Matthew 6:19-24: The Christian's Ambition

It is official. We are heading for the biggest slump since the 1970's. Yesterday JDS, the world's biggest maker of optical components, announced annual losses of $51 billion. That's right - $51 billion. That's bigger than the entire GDP of countries like Hungary or New Zealand. Even the blackest of clouds has a silver lining however, and recession does not, as long as you play your cards right, necessarily mean financial doom and gloom.

'Seven ways to survive when the going gets tough'
Published in the Times this week, here is the antidote to recession blues. Follow these top tips and you will not only survive but even prosper — while the economic storm-clouds gather over Britain and the USofA.

1. Be nice to your boss
Rule number one for surviving a recession is to make sure that you have an income. You and your boss may not see eye to eye, and you may not think that he or she is always right — but save your complaints for when times are good. Now is definitely not the time to be a troublesome employee.

2. Go for your boss's job
OK, so you failed at the first hurdle and simply could not resist antagonising your superior. Don't panic; recessions often give junior employees a chance to shine. Think about it — your company is increasingly desperate to save money, and your boss is much more expensive to employ than you are. So start being nice to your boss's boss and you never know — that promotion you've always dreamt of could finally be yours.

3. Find your vocation
So tips one and two did not work, and you're jobless. This is your chance to find out what you are truly good at, to try things you would never have dared to try had you stayed in your cosy nine-to-five job. Write that book, start that company. You never know where it might lead.

4. Join the Tories
Opposition parties tend to do better in times of economic strife, so if you fancy yourself as a politician, now could be the time to shine. When Iain Duncan Smith, one of the two contenders for the Tory leadership, lost his job in the late 1980s, he decided politics was the way forward. Follow in his footsteps and you, too, could be challenging for a top political job (or even the leadership of the Conservative Party) in a year or two's time.

5. Move to a bigger house
In a depressed property market, the price gaps between small and large houses tend to become narrower. The five bedroomed house on Wentworth Estate that was way out of your reach in the good times now suddenly seems affordable. So pay a visit to the bank (interest rates are low in recessions and you should be able to afford the loan), go to see the estate agent, and invest in property.

6. Buy into the stock market
When share prices crash, all companies — good and bad — tend to suffer. Now is the time to be brave. If a company seems undervalued, buy its shares. When the upswing eventually comes, you could find yourself in the money. If all six fail and you are still desperate to find a way to save on living costs.

7. Spend some time at Her Majesty's pleasure
Simply commit a white-collar crime (lie in court, let's say). No need to worry about housing benefit or income support, the State will provide for all your needs — and in the meantime you can work on that best-seller as a nest egg for when you get out. So seven ways to beat the recession. Unfortunately, recession or no recession, earning more will not actually make you happier any way. A sudden windfall will not make you any happier than your annual 3.5 per cent pay rise.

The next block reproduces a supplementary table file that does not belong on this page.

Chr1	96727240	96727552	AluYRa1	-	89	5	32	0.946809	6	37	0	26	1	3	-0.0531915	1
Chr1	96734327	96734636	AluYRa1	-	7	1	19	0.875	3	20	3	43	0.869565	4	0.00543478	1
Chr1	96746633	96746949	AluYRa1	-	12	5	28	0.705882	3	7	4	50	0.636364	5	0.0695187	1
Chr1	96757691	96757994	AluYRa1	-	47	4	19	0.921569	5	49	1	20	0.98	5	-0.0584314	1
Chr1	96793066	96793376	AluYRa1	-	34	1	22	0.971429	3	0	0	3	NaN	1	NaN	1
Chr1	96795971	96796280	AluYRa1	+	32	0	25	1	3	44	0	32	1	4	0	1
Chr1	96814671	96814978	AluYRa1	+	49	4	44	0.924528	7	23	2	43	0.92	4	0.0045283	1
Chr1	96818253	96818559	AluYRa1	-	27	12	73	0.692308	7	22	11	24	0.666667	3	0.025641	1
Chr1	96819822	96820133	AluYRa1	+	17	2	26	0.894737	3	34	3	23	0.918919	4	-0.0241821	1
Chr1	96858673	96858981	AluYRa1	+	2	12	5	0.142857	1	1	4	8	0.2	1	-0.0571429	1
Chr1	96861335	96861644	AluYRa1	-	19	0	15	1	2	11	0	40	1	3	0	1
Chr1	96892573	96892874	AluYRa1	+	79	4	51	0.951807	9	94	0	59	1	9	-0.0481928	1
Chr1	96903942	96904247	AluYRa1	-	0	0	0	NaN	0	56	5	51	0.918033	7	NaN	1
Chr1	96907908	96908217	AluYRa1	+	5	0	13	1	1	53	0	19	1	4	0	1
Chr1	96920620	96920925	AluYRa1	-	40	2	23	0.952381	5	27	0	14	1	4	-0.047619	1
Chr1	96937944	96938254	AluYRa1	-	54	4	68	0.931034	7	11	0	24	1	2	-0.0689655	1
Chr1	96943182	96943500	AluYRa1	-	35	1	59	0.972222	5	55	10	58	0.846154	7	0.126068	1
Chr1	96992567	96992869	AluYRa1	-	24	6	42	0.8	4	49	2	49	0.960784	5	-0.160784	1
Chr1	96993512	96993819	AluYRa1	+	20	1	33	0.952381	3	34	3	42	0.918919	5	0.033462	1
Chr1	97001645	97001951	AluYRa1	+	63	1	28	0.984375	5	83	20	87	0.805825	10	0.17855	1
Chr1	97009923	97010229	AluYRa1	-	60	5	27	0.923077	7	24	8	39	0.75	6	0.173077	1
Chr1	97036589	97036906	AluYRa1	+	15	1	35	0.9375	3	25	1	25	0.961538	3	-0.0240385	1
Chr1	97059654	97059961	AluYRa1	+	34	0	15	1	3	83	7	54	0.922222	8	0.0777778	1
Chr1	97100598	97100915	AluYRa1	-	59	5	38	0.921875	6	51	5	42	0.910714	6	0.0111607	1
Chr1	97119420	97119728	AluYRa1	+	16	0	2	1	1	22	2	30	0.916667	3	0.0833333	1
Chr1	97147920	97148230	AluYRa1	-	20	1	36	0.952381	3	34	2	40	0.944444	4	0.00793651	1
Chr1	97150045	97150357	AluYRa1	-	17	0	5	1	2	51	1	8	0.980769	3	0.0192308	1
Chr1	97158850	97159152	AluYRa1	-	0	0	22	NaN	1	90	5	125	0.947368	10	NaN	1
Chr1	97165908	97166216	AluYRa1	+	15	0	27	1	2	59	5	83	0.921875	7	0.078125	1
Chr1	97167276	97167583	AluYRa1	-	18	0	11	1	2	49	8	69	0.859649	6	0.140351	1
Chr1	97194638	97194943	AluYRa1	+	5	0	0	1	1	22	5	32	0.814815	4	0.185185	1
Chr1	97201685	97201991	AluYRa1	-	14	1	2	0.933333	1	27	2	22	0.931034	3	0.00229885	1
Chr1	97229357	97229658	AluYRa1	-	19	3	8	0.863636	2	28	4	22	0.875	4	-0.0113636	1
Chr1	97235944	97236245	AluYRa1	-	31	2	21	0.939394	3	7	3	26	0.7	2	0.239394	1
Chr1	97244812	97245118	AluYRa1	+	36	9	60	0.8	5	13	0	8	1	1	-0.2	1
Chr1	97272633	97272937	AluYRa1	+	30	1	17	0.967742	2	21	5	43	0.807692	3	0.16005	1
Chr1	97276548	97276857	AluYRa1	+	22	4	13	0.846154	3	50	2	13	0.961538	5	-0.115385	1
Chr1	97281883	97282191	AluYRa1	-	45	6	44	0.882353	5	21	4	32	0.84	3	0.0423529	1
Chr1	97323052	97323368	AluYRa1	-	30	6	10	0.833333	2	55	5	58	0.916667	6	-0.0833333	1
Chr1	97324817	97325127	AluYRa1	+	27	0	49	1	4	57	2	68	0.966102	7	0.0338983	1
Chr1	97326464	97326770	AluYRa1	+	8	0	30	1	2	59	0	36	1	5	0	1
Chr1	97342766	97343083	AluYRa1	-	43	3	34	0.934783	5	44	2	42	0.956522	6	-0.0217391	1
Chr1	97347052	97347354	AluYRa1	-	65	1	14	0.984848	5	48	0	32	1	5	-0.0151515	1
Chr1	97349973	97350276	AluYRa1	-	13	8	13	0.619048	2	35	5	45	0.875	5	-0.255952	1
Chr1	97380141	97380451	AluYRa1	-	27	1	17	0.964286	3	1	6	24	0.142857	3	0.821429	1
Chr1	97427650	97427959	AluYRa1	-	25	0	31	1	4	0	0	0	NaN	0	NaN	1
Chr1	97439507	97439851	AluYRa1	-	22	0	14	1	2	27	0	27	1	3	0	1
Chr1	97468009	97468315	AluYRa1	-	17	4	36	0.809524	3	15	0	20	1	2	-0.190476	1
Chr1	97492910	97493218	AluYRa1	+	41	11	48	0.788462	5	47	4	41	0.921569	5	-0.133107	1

A study into levels of happiness in America has found that our desire for material possessions rises in direct proportion to increases in our income. Put simply, the more we have the more we want. The research, published this week, by Richard Easterlin of the University of Southern California, found that the very richest people are on average only 1.5 times happier than the very poorest, simply because they are able to buy some of the things they want. However, overall happiness levels do not rise if we get any richer, no matter where they start on the income scale and no matter how much money they accumulate. Writing in The Economic Journal, Professor Easterlin concludes that we are trapped on a pleasure treadmill, never getting ahead of our material wants and, as a result, never getting any happier. Esterlin's research simply confirms what Jesus said 2000 years ago. We would save a lot of worry, hassle and grey hairs if we took Jesus seriously.

In these verses Jesus paints two stark portraits. There are two alternative treasures. 6:19-21 (on earth and in heaven). There are two opposite bodily conditions. 6:22-23 (light and darkness). There are two mutually exclusive masters. 6:24. (God and Money). Then in 6:25-34 Jesus asks five rhetorical questions to drive his argument home. Jesus wants us to choose well and enjoy a long, stress free life living in harmony with our God and with one another.

1. The Question of Treasure 6:19-21
2. The Question of Vision 6:22-23
3. The Question of Loyalty 6:24

1. The Question of Treasure (6:19-21)
Read 6:19-21. Jesus is comparing the relative durability of two treasures. It ought to be easy to choose which to store up, he implies, because treasures on earth are corruptible and therefore insecure, whereas treasures in heaven are incorruptible and therefore secure. If you were offered two savings accounts - one offering 1% and one offering 25% which would you choose? If our object is to lay up treasure, which will give greater protection against depreciation or deterioration?

It is important to face squarely and honestly the question. What was Jesus prohibiting when he told us not to lay up treasure for ourselves on earth? It may help if we began by listing the things Jesus was not forbidding.

1.1 Private Property
There is no ban on possessions in themselves. Scripture no where forbids private property. (see Acts 5:4)

1.2 Insurance Policies
"Saving for a rainy day" is not forbidden to Christians either. Life assurance policies are only a kind of saving by self imposed compulsion. On the contrary, Scripture praises the ant for storing in the summer the food it will need in the winter, (Proverbs 6:6) and declares that the believer who makes no provision for his family is worse than an unbeliever (1 Tim. 5:8).